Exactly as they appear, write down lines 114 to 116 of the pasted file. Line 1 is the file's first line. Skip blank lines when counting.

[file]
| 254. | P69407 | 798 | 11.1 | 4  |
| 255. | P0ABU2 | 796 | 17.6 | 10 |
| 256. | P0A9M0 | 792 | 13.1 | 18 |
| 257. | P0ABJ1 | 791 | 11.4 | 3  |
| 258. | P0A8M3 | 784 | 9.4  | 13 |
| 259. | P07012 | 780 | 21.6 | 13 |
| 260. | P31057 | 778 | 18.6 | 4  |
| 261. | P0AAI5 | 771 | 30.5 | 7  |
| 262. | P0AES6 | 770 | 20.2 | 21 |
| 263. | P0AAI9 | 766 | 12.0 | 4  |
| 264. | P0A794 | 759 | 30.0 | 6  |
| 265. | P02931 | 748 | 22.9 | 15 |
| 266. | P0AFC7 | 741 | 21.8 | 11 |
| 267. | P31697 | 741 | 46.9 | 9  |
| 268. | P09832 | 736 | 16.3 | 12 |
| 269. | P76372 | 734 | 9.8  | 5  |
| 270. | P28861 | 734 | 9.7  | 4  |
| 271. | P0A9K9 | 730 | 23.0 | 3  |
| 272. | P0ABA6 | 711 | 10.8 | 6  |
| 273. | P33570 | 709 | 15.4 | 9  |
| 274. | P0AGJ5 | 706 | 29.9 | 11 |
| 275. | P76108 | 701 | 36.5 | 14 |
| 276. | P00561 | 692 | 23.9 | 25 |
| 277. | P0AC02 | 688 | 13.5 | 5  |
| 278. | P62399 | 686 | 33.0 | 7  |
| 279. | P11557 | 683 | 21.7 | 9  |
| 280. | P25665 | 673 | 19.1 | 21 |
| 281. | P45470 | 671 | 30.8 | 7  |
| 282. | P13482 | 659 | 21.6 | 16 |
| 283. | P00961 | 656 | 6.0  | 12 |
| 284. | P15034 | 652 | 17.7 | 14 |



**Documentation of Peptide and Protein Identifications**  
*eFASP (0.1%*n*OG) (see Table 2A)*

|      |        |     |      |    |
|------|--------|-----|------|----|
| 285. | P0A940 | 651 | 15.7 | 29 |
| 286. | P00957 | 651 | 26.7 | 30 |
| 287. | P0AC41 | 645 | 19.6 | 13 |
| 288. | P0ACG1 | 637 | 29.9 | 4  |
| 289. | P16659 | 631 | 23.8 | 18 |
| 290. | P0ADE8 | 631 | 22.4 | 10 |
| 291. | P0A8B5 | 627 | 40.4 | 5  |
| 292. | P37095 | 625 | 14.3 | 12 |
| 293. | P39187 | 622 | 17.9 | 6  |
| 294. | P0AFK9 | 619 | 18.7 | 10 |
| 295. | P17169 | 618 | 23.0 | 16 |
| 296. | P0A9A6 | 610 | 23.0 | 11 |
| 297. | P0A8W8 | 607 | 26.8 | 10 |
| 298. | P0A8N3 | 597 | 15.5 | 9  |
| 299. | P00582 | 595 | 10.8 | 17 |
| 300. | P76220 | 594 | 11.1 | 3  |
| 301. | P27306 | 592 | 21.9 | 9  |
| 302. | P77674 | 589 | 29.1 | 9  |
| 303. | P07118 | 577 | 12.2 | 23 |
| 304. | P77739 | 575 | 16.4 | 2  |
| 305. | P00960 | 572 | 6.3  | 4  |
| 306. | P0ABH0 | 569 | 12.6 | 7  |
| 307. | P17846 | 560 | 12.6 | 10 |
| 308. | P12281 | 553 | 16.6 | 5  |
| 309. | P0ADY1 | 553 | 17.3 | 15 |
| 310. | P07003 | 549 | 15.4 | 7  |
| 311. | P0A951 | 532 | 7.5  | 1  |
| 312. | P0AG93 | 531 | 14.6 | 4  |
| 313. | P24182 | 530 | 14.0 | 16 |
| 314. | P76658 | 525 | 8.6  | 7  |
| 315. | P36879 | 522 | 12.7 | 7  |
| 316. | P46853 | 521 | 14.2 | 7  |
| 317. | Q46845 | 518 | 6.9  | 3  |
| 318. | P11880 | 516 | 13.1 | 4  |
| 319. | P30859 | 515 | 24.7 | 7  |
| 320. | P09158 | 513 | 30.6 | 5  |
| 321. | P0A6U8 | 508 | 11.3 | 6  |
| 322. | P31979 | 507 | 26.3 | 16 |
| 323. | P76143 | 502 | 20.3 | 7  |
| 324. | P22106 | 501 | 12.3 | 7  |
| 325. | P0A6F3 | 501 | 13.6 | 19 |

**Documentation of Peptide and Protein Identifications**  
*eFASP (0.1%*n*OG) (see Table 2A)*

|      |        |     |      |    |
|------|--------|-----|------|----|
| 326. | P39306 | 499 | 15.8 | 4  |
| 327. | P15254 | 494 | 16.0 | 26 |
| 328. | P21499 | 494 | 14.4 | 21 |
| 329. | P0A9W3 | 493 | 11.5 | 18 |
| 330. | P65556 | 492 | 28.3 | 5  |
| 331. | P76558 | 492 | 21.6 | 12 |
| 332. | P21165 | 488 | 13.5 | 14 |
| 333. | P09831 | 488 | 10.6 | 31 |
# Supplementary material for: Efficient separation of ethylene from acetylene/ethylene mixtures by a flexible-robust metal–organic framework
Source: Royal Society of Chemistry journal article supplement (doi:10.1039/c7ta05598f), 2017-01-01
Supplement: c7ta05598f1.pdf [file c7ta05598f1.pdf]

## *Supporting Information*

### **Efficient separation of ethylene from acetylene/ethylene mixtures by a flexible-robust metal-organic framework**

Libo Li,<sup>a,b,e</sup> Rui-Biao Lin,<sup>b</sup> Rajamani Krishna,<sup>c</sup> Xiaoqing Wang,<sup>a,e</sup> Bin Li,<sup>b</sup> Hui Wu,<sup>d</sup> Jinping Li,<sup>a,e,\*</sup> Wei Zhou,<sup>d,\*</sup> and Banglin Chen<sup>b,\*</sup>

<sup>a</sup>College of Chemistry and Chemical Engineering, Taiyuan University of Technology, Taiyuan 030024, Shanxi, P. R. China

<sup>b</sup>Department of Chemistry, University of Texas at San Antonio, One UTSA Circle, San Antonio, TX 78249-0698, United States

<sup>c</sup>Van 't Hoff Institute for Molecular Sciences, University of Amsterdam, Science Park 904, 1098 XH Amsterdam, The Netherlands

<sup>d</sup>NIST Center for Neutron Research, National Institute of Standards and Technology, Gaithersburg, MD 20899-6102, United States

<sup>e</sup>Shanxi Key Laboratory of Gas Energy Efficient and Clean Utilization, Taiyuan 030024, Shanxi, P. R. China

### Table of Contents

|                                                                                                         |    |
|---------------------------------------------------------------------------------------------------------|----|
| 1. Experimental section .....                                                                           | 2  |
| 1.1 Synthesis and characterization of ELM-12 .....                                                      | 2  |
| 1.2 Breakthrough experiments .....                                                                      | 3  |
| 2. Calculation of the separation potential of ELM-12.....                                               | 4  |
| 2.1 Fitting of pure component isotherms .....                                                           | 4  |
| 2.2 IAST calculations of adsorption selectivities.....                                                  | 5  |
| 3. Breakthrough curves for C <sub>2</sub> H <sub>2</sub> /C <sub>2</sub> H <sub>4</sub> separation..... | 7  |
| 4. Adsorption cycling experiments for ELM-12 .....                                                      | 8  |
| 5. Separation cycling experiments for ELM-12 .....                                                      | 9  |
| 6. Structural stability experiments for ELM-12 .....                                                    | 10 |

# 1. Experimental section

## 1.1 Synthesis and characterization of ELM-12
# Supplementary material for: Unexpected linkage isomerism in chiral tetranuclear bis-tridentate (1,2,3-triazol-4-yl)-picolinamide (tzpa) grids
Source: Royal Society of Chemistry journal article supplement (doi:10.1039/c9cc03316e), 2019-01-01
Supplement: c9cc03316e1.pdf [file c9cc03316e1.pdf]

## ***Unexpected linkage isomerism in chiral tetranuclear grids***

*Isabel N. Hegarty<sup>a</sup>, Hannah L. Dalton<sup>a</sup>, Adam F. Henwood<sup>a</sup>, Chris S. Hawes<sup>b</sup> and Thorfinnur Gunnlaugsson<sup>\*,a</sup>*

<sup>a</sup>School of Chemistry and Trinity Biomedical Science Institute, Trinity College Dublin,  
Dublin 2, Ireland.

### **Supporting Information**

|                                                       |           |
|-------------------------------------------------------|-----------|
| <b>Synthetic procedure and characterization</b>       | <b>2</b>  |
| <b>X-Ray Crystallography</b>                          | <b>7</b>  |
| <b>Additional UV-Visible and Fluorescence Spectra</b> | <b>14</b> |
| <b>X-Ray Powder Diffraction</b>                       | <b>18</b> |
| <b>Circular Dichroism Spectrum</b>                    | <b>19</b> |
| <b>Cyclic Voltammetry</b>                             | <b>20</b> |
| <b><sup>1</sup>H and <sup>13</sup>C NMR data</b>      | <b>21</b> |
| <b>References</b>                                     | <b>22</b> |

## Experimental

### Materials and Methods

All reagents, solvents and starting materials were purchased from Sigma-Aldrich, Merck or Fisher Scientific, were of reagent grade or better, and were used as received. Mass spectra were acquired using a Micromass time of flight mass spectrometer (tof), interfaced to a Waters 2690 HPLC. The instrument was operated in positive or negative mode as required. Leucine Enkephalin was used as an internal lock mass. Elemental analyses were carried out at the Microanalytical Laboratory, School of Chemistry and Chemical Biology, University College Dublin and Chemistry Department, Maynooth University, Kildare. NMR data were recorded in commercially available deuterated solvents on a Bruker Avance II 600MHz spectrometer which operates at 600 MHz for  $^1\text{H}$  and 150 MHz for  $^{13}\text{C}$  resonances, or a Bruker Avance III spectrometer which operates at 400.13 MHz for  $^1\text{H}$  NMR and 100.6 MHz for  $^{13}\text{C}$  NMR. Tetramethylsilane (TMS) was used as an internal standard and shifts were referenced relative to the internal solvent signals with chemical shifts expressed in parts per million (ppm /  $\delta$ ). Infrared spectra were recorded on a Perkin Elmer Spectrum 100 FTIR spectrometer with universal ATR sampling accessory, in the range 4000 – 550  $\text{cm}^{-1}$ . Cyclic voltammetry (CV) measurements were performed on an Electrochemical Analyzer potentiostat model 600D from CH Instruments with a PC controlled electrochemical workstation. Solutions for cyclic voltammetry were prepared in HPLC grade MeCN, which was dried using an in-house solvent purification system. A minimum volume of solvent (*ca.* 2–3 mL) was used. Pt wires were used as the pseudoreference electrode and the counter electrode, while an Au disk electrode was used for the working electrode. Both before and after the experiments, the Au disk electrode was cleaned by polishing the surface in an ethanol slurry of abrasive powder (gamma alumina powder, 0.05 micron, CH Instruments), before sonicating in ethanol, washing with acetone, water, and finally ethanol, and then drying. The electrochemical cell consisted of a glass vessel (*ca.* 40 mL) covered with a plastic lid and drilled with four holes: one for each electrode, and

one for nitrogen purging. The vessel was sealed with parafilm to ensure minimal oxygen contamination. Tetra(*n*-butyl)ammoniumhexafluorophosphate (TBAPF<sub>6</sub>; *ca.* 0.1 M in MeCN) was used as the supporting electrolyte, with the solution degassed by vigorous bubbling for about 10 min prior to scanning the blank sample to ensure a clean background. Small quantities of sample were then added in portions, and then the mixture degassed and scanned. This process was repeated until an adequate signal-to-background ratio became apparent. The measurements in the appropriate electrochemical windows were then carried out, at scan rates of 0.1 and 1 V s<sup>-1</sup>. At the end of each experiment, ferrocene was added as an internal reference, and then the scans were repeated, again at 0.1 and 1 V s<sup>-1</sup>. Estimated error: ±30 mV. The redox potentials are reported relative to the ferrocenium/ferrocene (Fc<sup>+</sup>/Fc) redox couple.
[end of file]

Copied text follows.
## 1.1 Synthesis and characterization of ELM-12
# Supplementary material for: Unexpected linkage isomerism in chiral tetranuclear bis-tridentate (1,2,3-triazol-4-yl)-picolinamide (tzpa) grids
Source: Royal Society of Chemistry journal article supplement (doi:10.1039/c9cc03316e), 2019-01-01